Magellanic penguins rank among Argentina’s cutest animal species. Which makes their current predicament all the more frustrating. The last few years have been rough with various threats to their survival popping up as a result of pollution and climate change.

But it looks like all was not lost in 2016, when — since the end of November, nestled in the penguin shelter at the Marine World Foundation, Magellanic penguins have been breeding and at the time of writing, 10 births have been recorded.


The hatchlings’ — weighing in at a mere 90 grams each – that’s less than a bar of soap — arrival is very good news for scientists working to save this particular type of penguin after it was placed on the endangered species list in the 1990s. This is definitely a feat worthy of celebrating given the abundance of threats that these little guys face in the wild. Hydrocarbons (and the humans responsible for placing them in the environment) seem to be the bad guys here. Trained professionals and volunteers are of the utmost importance in saving the birds from the harmful effects of a changing environment. With rising amounts of toxic algae, the abundance of fish nets, and an increased frequency of oil spills – surviving has never been more difficult.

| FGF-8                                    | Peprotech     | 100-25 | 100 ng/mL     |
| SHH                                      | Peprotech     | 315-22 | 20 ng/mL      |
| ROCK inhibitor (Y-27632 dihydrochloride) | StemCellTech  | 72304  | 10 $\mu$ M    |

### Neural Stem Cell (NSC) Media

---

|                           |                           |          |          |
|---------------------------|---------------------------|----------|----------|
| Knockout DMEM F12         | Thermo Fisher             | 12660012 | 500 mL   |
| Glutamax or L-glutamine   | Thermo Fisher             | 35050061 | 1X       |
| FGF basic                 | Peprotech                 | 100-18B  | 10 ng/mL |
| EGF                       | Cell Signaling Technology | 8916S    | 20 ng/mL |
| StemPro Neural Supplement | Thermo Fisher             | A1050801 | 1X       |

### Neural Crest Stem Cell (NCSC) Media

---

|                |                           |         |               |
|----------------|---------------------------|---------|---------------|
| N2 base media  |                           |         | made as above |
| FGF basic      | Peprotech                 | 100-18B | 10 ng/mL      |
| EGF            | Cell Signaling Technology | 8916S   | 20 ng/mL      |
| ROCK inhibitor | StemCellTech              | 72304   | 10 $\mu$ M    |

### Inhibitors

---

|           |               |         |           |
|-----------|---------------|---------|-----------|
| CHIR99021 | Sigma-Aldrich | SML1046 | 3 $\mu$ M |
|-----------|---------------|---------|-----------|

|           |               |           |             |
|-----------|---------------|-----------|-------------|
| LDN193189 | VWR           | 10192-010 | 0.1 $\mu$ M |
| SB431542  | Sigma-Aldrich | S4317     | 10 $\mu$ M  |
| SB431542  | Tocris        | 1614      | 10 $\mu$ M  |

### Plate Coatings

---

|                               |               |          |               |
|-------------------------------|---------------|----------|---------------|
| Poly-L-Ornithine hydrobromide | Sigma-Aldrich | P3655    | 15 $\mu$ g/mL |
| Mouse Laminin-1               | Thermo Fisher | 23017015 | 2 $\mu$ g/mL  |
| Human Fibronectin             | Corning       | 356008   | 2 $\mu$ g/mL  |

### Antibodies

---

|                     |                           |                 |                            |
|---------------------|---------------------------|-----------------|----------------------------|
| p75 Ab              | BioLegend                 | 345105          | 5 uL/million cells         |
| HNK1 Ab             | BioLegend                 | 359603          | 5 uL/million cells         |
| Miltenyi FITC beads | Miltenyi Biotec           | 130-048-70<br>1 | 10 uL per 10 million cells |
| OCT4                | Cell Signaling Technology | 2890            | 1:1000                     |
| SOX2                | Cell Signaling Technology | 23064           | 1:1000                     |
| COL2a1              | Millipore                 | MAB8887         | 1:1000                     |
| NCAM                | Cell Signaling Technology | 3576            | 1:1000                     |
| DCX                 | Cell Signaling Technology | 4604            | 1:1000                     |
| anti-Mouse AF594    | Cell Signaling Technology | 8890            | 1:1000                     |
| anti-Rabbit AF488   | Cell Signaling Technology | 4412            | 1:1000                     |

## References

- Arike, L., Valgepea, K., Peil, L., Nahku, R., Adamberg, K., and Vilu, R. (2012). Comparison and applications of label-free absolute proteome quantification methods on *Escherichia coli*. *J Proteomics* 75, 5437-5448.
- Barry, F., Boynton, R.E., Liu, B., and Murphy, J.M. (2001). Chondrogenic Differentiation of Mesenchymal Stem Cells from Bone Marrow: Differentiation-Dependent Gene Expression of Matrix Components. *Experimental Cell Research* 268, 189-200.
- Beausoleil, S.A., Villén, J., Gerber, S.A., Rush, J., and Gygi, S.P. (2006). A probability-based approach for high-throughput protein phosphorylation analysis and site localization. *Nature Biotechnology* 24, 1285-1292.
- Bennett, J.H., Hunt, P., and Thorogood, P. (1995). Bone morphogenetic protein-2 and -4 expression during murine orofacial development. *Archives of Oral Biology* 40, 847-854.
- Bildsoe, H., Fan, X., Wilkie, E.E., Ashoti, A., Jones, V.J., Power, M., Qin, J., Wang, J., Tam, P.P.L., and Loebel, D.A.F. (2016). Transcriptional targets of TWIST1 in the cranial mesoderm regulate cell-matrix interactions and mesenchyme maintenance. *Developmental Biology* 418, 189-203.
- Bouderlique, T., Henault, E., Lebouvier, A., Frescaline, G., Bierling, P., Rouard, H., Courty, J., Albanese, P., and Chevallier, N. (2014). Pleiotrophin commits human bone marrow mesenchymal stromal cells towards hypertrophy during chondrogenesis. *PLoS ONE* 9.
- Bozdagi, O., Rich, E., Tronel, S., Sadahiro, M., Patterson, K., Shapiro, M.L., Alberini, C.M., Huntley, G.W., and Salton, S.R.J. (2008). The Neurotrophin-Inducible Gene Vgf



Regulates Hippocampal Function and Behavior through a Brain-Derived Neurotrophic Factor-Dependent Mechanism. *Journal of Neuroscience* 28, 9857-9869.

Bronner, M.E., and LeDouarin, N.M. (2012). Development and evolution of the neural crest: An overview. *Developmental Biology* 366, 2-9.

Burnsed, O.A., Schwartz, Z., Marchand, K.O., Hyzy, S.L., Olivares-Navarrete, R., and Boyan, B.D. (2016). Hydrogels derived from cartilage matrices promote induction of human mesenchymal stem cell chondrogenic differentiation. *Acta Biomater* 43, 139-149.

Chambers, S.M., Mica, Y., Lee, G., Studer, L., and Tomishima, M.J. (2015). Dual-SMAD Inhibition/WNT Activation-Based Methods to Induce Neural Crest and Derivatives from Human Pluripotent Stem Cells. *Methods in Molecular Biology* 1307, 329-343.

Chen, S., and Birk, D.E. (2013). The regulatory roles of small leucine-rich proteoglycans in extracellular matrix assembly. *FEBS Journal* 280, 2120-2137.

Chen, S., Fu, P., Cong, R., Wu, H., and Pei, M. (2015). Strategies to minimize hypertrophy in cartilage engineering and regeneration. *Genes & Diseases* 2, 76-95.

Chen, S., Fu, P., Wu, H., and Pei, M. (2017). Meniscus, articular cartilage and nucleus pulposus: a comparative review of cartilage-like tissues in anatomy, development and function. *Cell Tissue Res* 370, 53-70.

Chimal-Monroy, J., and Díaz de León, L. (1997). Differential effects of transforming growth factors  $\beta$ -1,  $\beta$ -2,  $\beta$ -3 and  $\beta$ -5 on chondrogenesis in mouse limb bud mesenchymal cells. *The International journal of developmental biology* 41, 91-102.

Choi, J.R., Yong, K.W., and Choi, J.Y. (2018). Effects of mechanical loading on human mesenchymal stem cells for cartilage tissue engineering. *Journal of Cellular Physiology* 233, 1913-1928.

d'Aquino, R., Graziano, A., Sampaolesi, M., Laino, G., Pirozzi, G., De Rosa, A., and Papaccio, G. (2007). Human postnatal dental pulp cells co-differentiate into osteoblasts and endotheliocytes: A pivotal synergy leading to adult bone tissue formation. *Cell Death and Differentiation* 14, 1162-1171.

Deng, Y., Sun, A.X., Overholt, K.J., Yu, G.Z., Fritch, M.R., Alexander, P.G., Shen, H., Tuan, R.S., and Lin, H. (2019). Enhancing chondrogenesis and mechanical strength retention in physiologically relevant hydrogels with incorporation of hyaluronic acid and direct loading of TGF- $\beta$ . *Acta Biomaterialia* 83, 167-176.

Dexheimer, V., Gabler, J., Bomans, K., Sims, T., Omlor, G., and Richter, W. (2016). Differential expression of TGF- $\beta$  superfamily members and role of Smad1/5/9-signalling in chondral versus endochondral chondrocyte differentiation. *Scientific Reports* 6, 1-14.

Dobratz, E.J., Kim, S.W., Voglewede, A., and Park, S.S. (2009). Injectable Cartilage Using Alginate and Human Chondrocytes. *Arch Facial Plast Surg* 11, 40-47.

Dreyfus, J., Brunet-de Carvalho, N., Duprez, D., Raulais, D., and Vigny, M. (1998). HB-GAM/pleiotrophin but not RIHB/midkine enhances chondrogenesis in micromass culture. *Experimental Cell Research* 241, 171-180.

As chicks, the penguins are heavily dependent on both their parents, as when one incubates, the other goes out to sea to feed. As a result, it’s imperative to try to simultaneously save both the adults when disaster strikes — because the chicks cannot survive without their parents.

There is a special area in Marine World where Magellanic chicks have been born with the assistance of a specially-trained team ever since its founding in 1992. The chicks are weighed and fed every day for two months until they are able to eat solid food on their own.

The help of individuals from the foundation has successfully combatted the damaging effects of the oil industry and helped over 2500 little penguins – 90% of whom have been successfully rehabilitated.